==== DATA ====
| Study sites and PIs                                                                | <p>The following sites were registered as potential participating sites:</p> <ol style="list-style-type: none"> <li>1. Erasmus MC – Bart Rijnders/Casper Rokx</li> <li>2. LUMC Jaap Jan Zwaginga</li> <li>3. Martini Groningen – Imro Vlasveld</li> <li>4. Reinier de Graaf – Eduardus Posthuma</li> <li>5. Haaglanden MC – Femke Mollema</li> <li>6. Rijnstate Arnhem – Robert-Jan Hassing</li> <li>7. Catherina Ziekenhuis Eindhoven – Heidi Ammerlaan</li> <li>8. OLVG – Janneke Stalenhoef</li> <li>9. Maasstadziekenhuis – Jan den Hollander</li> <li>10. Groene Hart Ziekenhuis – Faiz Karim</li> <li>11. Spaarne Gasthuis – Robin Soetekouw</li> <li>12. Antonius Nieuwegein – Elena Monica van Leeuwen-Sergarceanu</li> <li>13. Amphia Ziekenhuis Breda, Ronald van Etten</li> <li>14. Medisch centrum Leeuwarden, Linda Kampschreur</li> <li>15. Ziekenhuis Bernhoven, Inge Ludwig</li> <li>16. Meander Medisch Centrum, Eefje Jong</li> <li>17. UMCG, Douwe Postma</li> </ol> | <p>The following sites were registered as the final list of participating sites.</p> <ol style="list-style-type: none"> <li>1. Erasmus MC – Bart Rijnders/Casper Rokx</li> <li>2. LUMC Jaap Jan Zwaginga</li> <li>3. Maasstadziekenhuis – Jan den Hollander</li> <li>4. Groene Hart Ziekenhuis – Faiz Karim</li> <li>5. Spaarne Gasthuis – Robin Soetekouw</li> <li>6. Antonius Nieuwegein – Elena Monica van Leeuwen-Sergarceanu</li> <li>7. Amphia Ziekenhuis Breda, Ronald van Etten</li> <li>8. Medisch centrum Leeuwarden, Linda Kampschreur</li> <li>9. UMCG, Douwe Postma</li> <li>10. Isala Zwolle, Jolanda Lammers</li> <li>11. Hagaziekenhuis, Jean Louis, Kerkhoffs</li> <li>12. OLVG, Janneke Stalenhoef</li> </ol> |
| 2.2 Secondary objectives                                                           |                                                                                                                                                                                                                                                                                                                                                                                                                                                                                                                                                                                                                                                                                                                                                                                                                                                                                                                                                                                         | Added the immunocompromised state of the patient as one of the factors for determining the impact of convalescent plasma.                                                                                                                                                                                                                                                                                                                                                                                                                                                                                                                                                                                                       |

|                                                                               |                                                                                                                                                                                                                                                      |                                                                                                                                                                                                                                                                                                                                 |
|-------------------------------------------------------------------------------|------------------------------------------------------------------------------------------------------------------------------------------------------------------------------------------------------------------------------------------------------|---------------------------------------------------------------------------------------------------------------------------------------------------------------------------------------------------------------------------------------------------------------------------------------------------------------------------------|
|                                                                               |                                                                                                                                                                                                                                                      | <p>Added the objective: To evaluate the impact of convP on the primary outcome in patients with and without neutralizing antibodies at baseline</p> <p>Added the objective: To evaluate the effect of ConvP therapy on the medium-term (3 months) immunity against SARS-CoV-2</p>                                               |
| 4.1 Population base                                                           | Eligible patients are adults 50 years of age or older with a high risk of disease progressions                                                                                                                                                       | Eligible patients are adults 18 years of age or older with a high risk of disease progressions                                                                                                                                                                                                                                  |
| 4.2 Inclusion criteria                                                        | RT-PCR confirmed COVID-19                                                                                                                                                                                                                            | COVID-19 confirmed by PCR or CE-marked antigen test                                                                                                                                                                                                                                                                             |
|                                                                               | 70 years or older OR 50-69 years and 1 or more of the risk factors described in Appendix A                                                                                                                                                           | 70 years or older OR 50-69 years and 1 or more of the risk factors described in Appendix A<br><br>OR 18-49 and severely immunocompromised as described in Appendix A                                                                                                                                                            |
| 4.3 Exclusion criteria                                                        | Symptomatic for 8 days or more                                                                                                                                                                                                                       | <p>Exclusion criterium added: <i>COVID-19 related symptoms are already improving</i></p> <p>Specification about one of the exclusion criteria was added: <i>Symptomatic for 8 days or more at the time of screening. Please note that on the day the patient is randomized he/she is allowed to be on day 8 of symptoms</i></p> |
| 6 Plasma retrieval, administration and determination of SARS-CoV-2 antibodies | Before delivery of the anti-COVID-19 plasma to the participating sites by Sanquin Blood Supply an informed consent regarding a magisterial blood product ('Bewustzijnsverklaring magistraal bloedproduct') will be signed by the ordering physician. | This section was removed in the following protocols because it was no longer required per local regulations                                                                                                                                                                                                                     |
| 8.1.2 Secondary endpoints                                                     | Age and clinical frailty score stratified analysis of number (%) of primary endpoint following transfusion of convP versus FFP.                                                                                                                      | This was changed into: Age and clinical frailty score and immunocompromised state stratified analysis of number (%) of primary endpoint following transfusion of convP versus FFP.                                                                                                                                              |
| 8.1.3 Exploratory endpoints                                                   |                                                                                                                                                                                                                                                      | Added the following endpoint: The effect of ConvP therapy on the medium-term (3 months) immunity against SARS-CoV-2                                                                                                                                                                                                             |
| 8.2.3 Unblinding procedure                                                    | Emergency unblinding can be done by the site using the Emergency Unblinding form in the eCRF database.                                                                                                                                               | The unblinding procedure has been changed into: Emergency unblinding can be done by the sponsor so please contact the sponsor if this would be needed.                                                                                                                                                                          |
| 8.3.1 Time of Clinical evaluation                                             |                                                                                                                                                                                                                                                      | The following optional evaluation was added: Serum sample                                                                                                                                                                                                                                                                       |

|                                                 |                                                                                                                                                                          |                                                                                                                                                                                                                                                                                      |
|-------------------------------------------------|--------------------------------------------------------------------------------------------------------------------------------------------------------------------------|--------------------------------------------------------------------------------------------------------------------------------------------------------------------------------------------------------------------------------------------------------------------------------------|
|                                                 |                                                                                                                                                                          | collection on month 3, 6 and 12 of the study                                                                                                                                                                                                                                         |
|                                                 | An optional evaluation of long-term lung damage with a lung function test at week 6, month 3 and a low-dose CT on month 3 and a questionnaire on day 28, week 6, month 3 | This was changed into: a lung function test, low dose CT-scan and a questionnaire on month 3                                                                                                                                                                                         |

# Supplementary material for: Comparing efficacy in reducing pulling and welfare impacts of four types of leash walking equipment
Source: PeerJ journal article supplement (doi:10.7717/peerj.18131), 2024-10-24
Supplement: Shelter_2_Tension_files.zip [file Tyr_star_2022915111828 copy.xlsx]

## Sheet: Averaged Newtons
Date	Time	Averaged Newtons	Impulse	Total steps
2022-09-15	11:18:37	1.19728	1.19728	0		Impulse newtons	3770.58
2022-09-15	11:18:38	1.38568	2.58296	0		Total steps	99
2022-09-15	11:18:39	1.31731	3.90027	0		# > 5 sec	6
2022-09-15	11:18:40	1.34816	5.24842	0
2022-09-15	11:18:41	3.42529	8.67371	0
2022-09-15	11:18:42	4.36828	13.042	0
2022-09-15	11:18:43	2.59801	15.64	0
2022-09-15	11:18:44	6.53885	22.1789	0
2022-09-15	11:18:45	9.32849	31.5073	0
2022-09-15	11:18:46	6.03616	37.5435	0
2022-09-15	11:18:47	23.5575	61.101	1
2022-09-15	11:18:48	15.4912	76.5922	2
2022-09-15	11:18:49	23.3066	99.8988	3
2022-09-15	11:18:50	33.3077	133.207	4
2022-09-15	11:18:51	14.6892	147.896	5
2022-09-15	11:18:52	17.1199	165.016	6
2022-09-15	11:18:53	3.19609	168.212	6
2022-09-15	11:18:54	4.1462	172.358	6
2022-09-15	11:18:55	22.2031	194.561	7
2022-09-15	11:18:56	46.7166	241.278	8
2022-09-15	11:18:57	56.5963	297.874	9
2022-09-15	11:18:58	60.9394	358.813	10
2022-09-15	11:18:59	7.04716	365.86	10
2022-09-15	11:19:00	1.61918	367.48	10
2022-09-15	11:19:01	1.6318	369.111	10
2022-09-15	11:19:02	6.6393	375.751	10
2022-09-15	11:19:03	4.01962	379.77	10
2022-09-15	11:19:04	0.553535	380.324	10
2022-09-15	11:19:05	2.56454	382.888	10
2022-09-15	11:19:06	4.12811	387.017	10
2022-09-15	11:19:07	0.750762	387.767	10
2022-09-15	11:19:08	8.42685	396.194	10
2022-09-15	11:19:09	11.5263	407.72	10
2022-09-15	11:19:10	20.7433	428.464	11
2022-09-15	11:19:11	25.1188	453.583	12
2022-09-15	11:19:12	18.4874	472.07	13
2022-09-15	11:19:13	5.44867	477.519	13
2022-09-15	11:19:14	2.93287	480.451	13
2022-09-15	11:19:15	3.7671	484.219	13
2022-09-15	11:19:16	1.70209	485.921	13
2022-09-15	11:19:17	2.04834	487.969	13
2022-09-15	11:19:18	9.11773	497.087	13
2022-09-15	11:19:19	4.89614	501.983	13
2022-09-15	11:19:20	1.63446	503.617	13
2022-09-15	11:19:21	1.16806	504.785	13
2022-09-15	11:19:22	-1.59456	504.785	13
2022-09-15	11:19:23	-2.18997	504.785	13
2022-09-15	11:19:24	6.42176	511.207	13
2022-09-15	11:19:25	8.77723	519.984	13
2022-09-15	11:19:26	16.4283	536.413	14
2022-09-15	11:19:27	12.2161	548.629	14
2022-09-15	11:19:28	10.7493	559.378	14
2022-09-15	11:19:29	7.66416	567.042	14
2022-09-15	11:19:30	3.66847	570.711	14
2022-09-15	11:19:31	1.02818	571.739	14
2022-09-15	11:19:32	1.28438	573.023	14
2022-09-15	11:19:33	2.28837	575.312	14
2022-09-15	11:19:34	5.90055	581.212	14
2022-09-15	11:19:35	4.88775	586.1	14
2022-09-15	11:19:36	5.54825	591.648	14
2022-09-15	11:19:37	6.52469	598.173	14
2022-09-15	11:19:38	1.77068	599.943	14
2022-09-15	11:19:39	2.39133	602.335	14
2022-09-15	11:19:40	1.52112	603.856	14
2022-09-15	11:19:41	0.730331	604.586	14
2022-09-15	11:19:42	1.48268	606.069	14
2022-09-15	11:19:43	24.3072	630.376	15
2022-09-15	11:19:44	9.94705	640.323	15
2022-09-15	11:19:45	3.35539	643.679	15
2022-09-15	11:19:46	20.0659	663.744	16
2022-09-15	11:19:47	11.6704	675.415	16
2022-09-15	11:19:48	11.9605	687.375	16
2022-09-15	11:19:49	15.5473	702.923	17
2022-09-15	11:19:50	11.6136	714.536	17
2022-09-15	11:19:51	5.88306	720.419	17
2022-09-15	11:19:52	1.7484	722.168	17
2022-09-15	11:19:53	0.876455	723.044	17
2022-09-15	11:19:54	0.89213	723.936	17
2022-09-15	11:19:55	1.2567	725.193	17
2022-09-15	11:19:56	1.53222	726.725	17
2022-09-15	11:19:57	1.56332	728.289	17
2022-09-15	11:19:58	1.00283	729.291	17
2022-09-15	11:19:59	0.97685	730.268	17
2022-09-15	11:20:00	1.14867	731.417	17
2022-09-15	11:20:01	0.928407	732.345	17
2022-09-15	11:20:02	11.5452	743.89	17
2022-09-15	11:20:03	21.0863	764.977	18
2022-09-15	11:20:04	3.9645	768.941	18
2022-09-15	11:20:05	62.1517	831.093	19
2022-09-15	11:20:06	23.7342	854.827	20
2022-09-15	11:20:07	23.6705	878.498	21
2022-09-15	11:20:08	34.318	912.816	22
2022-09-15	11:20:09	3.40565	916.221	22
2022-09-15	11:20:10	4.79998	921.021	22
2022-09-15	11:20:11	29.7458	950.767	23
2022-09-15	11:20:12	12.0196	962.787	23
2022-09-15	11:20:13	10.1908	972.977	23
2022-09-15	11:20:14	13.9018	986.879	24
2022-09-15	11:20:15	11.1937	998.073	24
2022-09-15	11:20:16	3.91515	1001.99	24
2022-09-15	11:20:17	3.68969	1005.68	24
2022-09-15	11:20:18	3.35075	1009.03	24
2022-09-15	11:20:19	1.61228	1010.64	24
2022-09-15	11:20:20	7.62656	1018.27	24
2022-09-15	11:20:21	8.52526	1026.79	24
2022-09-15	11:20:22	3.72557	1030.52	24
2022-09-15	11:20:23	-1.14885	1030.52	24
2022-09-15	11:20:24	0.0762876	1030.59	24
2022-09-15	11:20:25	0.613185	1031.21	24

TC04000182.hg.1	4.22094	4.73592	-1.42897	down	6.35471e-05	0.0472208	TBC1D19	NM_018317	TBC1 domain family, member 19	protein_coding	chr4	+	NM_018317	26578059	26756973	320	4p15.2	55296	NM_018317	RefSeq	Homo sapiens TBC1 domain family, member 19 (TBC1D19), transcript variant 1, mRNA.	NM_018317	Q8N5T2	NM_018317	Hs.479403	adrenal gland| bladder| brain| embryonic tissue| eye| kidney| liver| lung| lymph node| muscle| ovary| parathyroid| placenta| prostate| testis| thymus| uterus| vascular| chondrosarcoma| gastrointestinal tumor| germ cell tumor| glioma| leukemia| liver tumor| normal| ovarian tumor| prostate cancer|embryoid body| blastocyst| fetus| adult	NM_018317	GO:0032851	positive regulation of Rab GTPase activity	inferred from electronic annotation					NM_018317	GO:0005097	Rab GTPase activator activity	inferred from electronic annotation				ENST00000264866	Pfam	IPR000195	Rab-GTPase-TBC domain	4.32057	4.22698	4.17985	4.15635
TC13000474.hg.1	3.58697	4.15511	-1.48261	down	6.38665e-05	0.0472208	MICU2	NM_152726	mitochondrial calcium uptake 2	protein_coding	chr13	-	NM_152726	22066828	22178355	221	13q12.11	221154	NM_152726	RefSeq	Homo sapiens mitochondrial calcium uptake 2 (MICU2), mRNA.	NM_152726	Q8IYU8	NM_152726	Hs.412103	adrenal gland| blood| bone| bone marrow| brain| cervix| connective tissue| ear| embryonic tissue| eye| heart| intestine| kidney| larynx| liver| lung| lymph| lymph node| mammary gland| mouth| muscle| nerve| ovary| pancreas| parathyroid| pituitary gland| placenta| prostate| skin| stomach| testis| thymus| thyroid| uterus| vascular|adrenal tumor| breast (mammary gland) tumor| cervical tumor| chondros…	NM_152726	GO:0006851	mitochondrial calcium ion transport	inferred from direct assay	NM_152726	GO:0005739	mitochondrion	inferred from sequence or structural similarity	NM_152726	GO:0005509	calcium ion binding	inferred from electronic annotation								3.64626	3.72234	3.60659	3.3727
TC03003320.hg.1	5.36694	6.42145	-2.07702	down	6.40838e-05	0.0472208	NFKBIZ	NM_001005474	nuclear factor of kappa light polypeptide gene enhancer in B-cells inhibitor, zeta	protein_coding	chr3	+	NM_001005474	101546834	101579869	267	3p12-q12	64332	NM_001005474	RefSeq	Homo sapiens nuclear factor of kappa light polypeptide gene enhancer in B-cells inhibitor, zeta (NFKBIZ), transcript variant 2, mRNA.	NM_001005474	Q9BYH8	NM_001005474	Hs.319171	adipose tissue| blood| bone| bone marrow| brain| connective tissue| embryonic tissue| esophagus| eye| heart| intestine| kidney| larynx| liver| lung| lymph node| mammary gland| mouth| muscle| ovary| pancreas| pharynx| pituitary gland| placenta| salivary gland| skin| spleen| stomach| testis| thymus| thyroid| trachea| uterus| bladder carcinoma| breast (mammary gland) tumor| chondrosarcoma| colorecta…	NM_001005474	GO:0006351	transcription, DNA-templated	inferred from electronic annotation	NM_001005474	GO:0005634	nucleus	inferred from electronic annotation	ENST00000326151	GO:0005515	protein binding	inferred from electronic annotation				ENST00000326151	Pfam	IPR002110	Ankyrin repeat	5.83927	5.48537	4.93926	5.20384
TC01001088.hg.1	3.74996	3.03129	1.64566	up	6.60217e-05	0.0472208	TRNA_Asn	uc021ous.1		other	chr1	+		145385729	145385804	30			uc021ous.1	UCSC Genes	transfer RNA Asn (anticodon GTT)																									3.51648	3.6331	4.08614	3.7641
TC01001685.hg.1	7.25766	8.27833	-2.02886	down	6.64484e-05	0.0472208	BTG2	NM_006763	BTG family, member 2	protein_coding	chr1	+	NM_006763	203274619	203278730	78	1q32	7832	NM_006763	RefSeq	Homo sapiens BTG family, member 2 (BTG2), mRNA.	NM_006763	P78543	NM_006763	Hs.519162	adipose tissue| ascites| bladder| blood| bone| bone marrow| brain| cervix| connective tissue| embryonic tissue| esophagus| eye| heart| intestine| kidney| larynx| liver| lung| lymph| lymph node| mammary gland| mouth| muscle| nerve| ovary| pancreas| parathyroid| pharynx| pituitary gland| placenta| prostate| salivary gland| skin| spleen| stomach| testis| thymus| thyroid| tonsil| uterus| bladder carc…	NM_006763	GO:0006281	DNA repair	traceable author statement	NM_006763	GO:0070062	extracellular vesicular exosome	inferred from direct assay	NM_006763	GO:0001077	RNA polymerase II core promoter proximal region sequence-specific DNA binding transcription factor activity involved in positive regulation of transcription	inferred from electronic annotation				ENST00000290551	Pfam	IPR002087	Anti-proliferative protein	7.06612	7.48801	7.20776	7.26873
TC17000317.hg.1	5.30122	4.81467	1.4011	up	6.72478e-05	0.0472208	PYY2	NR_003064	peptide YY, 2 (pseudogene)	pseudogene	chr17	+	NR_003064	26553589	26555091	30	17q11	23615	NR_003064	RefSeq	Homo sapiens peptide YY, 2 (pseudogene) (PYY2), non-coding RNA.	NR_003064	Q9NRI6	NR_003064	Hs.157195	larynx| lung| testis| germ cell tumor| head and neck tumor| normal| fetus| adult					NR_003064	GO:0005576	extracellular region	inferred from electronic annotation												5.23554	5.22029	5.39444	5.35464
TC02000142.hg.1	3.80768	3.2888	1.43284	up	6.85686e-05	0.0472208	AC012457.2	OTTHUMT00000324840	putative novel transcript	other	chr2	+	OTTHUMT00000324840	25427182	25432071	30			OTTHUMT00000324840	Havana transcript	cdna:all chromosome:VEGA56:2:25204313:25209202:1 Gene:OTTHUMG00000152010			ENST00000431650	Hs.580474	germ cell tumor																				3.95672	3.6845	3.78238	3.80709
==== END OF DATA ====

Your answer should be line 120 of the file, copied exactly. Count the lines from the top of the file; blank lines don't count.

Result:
2022-09-15	11:20:13	10.1908	972.977	23